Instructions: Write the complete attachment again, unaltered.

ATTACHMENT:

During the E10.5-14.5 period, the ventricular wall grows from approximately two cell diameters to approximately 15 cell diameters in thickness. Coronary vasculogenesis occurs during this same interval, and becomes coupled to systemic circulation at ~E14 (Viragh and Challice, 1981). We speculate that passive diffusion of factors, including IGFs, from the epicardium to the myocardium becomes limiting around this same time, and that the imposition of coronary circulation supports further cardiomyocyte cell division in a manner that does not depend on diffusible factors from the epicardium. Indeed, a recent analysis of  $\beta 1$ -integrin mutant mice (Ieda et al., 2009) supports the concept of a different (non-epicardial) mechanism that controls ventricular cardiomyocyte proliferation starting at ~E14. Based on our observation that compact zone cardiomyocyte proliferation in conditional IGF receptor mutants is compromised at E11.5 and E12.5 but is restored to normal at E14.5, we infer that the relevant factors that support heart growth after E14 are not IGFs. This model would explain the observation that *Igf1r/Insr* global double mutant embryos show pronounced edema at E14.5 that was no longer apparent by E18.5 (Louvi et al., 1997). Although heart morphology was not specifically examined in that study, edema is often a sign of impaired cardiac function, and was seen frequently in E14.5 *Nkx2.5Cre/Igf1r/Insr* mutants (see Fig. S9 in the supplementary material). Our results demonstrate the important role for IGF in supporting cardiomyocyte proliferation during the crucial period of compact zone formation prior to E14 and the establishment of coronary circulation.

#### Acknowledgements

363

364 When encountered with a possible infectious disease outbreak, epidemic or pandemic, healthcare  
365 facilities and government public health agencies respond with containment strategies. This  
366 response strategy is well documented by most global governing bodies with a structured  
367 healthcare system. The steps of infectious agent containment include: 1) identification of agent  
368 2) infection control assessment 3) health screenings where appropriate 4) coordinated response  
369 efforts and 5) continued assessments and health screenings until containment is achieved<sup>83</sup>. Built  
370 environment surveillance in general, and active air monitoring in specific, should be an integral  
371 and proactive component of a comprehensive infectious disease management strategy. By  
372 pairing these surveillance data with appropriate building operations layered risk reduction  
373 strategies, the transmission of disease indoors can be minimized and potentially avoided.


During the E10.5-14.5 period, the ventricular wall grows from approximately two cell diameters to approximately 15 cell diameters in thickness. Coronary vasculogenesis occurs during this same interval, and becomes coupled to systemic circulation at ~E14 (Viragh and Challice, 1981). We speculate that passive diffusion of factors, including IGFs, from the epicardium to the myocardium becomes limiting around this same time, and that the imposition of coronary circulation supports further cardiomyocyte cell division in a manner that does not depend on diffusible factors from the epicardium. Indeed, a recent analysis of  $\beta 1$ -integrin mutant mice (Ieda et al., 2009) supports the concept of a different (non-epicardial) mechanism that controls ventricular cardiomyocyte proliferation starting at ~E14. Based on our observation that compact zone cardiomyocyte proliferation in conditional IGF receptor mutants is compromised at E11.5 and E12.5 but is restored to normal at E14.5, we infer that the relevant factors that support heart growth after E14 are not IGFs. This model would explain the observation that *Igf1r/Insr* global double mutant embryos show pronounced edema at E14.5 that was no longer apparent by E18.5 (Louvi et al., 1997). Although heart morphology was not specifically examined in that study, edema is often a sign of impaired cardiac function, and was seen frequently in E14.5 *Nkx2.5Cre/Igf1r/Insr* mutants (see Fig. S9 in the supplementary material). Our results demonstrate the important role for IGF in supporting cardiomyocyte proliferation during the crucial period of compact zone formation prior to E14 and the establishment of coronary circulation.

#### Acknowledgements

363

364 When encountered with a possible infectious disease outbreak, epidemic or pandemic, healthcare  
365 facilities and government public health agencies respond with containment strategies. This  
366 response strategy is well documented by most global governing bodies with a structured  
367 healthcare system. The steps of infectious agent containment include: 1) identification of agent  
368 2) infection control assessment 3) health screenings where appropriate 4) coordinated response  
369 efforts and 5) continued assessments and health screenings until containment is achieved<sup>83</sup>. Built  
370 environment surveillance in general, and active air monitoring in specific, should be an integral  
371 and proactive component of a comprehensive infectious disease management strategy. By  
372 pairing these surveillance data with appropriate building operations layered risk reduction  
373 strategies, the transmission of disease indoors can be minimized and potentially avoided.